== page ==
In Part I of my blog on my Favorite Fiction from 2011, I talked about some great reads by Chad Harbach, Adam Ross and Emma Donahue. There’s always so many great ones I miss (sorry to Eleanor Henderson, Karen Russell and others—but I did just start Tea Obreht’s The Tiger’s Wife, which The New York Times named one of the top 5 fiction books of the year). Let’s continue with Part II of my list of the year’s best in fiction.
Paul Chowder has been asked to write an introduction to a new poetry anthology—and he can’t do it. He misses his girlfriend Roz (who left him because of his procrastinating, among other reasons), his house is falling apart, and his poems aren’t really being published anymore. Haverford College grad Nicholson Baker is a writer wonderfully out of the mainstream who writes slim novels with the pleasing contradiction of being very entertaining despite not a whole lot happening. In his novel Room Temperature, the entire novel takes place during the bottle feeding of an infant, Vox is a phone-sex conversation, U and I, a fan-like appreciation of John Updike, and The Fermata is about a man who can stop time and chooses to use that amazing ability to undress women. The Anthologist features what I thought was Baker’s most likeable protagonist yet, and it really is a love letter to poetry. I think The Anthologist also serves a lesson on why we like rhyme and poetry, the great poets in history, and a thoughtful meditation on how poetry affects our life.
What is with these Scandinavian writers and the great mysteries they write? Publication of The Snowman set off a fun, silly debate over who’s better, the late Stieg Larsson or Jo Nesbo. Both are excellent. In The Snowman, Detective Harry Hole is drawn into a complex and grisly murder that looks like it might match a series of unsolved murders. Norway has never had a serial killer, so many around Hole are suspicious when he starts to link the crimes together. In so many murder mysteries, every character seems like a cut-out caricature, but not in this gritty and creepy thriller. I don’t read many mysteries, but I really enjoyed this one.
John Casey is best known for his wonderful novel Spartina which none other than the New York Times called “possibly the best American novel . . . since The Old Man and the Sea.”). In this follow-up, the focus is less on Dick Pierce (the main character in Spartina) and more on his daughter from his affair with Elsie, Rose. Casey’s novels (including the also-excellent The Half-Life of Happiness) have more to do with people than plot, and there sure isn’t much to criticize in the natural, estuary Rhode Island world Casey creates, or his lyrical writing. For me however, the characters that were so compelling in Spartina are a lot less interesting—and likeable–in Compass Rose. Still, I’m glad for Compass Rose, not just because we get to revisit the lives of these characters, but because it gives me an opportunity to recommend a truly great and unfairly underrated novel. Read Spartina today!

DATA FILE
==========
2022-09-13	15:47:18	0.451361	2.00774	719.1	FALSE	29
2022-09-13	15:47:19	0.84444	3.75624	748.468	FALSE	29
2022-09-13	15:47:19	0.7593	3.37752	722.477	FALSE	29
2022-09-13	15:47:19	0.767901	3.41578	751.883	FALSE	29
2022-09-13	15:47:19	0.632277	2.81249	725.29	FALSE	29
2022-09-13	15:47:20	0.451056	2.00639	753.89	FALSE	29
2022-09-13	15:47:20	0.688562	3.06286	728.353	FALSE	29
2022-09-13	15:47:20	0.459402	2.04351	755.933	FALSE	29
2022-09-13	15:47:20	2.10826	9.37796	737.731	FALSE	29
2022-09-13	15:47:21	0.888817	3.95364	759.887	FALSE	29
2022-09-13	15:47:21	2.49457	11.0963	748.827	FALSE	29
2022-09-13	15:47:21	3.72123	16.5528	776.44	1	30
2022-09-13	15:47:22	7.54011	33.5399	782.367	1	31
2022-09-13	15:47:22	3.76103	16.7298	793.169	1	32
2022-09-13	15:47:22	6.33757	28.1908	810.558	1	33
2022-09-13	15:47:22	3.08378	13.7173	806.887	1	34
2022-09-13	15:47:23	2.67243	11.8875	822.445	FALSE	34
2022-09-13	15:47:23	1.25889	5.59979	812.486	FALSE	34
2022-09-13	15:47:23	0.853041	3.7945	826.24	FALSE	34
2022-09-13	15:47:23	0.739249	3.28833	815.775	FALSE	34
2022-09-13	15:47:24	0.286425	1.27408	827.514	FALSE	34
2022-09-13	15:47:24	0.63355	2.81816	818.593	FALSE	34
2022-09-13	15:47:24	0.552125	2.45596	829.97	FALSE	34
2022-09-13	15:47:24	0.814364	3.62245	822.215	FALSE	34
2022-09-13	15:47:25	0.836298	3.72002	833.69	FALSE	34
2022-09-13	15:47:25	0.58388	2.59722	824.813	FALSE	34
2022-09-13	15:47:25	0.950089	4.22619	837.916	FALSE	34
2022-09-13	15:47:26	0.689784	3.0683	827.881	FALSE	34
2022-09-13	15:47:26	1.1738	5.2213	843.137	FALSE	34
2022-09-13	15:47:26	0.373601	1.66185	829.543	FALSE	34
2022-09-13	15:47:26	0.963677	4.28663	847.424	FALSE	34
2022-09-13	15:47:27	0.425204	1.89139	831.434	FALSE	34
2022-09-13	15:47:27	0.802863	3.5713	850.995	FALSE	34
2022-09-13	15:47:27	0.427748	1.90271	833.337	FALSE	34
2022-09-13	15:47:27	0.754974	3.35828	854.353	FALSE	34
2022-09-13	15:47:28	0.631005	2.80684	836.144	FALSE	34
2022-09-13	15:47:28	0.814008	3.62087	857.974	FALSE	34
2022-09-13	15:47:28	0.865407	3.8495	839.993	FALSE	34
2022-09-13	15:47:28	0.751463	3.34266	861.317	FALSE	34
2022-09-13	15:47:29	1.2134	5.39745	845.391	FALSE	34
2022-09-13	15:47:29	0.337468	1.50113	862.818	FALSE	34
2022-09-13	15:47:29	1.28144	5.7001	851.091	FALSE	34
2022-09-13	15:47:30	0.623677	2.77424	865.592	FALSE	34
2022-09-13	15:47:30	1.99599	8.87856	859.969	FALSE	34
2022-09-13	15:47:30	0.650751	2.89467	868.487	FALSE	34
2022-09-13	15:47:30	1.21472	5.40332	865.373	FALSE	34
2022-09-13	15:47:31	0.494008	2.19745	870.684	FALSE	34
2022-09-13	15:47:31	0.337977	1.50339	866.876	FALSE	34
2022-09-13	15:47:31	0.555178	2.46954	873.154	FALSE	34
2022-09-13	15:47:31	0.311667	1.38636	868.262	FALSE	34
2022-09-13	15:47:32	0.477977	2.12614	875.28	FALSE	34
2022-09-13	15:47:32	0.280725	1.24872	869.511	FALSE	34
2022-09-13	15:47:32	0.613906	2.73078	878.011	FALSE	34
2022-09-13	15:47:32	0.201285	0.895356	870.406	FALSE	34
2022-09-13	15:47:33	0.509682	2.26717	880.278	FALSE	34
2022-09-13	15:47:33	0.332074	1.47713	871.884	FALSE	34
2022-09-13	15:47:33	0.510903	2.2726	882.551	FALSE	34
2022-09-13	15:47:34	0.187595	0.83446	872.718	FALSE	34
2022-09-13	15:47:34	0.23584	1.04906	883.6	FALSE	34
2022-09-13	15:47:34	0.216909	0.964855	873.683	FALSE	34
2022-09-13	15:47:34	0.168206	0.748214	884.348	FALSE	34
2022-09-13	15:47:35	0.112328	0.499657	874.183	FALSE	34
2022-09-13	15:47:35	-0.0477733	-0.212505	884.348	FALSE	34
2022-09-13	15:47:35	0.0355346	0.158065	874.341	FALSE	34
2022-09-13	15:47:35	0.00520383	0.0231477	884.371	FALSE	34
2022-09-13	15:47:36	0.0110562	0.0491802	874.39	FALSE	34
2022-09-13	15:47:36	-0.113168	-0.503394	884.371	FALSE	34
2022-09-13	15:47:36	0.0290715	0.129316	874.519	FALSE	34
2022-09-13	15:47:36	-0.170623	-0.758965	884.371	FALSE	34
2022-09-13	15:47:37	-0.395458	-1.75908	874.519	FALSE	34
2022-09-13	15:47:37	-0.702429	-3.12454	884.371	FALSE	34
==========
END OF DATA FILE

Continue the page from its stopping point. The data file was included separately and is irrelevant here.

Another great first novel. The Imperfectionists follows the writers, editors and publishers of an international English language newspaper in Rome. Each of the main characters gets a chance to tell his or her story from their own point of view—I know that sounds like a bit of a gimmick, but it really works here. This novel is very funny and very sad, and the characters seem both crazy and completely real. The novel also deals with the chaos in trying to put out a paper, and how the Internet has changed newspapers forever. Fiction is so subjective, but I’ve yet to meet someone who read The Imperfectionists who hasn’t really liked it. One of my favorites of the year.
A Sense of an Ending
Fantastic. This is one of those slim, literary novels that packs more depth and narrative punch between its cover than a ponderous 800 page epic. Tony Webster and his school friends welcome the brilliant Adrian into their pseudo-cool group where they talk philosophy, smoke cigarettes, drink and vow to be friends forever–until things take a tragic change. The novel then picks up 40 years later with Tony, alone and living a quiet life of humdrum routines. A lot of wisdom and insight is squeezed into this novel, especially on the subject of the everyday, and how we all have our own version of the past that we can’t help but constantly edit and embellish. I’ve heard this novel accurately described as a “mystery of memory.” Winner of the 2011 Man Booker Prize and, along with Skippy Dies, my favorite novel of the year.
Want to read a 672 page novel about boys at a catholic prep school in Ireland? If you said no, you’re really going to miss out. The pacing is great, it’s both hilarious and heartbreaking, and it captures adolescence in all its wincing, cringing glory. Even though yes, Skippy dies (he’s actually a goner on the first few pages), the way the novel unfolds and builds back to that moment—especially once we learn about all the pain and drama surrounding his demise–makes his death all the more heartbreaking. This novel also smartly captures what it means to be a teenager today, where everything is available on the Internet, friends text instead of talk, etc. What I think I liked best about Skippy Dies is how Murray takes what seem like the most obvious stereotypes (the smart, fat kid; the pretty, rich girl; the shy student, the nerdy teacher; the psychotic bully;) and makes them into fully rounded, sympathetic characters without resorting to clichés or epiphanies. Skippy Dies isn’t the type of novel that gets the snooty literary awards and fawning press, but for pure storytelling and reading entertainment this was my favorite novel of the year.
That’s it for me, but please help add to this list. I’d love to hear what novels made your best-of list in 2011!